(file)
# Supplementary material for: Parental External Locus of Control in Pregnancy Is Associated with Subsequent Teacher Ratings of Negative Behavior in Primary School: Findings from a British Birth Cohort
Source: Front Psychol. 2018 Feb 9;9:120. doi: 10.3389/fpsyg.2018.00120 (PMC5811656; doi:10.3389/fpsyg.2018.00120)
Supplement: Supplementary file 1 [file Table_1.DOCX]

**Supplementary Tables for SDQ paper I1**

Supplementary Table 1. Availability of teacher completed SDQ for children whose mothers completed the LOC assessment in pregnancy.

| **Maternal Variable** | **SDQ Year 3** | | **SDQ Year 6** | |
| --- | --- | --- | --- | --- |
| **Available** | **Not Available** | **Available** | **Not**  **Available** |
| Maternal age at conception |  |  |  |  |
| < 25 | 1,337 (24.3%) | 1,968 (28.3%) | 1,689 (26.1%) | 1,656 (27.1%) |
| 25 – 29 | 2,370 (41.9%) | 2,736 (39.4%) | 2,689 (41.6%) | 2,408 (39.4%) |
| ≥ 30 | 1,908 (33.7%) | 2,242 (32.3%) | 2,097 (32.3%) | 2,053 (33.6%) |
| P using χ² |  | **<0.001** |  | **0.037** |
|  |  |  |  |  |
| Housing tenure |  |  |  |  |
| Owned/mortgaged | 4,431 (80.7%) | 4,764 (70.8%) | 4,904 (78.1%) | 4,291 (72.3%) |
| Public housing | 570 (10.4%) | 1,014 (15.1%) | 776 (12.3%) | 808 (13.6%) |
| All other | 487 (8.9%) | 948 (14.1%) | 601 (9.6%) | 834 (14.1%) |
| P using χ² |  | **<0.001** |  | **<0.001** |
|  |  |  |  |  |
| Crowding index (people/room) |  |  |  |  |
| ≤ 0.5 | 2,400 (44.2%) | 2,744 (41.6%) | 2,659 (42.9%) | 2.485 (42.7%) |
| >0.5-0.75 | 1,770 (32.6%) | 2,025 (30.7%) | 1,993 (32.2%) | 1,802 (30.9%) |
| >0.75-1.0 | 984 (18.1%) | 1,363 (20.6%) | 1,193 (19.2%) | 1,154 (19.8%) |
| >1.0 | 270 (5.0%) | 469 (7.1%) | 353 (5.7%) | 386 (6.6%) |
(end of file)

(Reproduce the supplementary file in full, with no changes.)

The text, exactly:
# Supplementary material for: Parental External Locus of Control in Pregnancy Is Associated with Subsequent Teacher Ratings of Negative Behavior in Primary School: Findings from a British Birth Cohort
Source: Front Psychol. 2018 Feb 9;9:120. doi: 10.3389/fpsyg.2018.00120 (PMC5811656; doi:10.3389/fpsyg.2018.00120)
Supplement: Supplementary file 1 [file Table_1.DOCX]

**Supplementary Tables for SDQ paper I1**

Supplementary Table 1. Availability of teacher completed SDQ for children whose mothers completed the LOC assessment in pregnancy.

| **Maternal Variable** | **SDQ Year 3** | | **SDQ Year 6** | |
| --- | --- | --- | --- | --- |
| **Available** | **Not Available** | **Available** | **Not**  **Available** |
| Maternal age at conception |  |  |  |  |
| < 25 | 1,337 (24.3%) | 1,968 (28.3%) | 1,689 (26.1%) | 1,656 (27.1%) |
| 25 – 29 | 2,370 (41.9%) | 2,736 (39.4%) | 2,689 (41.6%) | 2,408 (39.4%) |
| ≥ 30 | 1,908 (33.7%) | 2,242 (32.3%) | 2,097 (32.3%) | 2,053 (33.6%) |
| P using χ² |  | **<0.001** |  | **0.037** |
|  |  |  |  |  |
| Housing tenure |  |  |  |  |
| Owned/mortgaged | 4,431 (80.7%) | 4,764 (70.8%) | 4,904 (78.1%) | 4,291 (72.3%) |
| Public housing | 570 (10.4%) | 1,014 (15.1%) | 776 (12.3%) | 808 (13.6%) |
| All other | 487 (8.9%) | 948 (14.1%) | 601 (9.6%) | 834 (14.1%) |
| P using χ² |  | **<0.001** |  | **<0.001** |
|  |  |  |  |  |
| Crowding index (people/room) |  |  |  |  |
| ≤ 0.5 | 2,400 (44.2%) | 2,744 (41.6%) | 2,659 (42.9%) | 2.485 (42.7%) |
| >0.5-0.75 | 1,770 (32.6%) | 2,025 (30.7%) | 1,993 (32.2%) | 1,802 (30.9%) |
| >0.75-1.0 | 984 (18.1%) | 1,363 (20.6%) | 1,193 (19.2%) | 1,154 (19.8%) |
| >1.0 | 270 (5.0%) | 469 (7.1%) | 353 (5.7%) | 386 (6.6%) |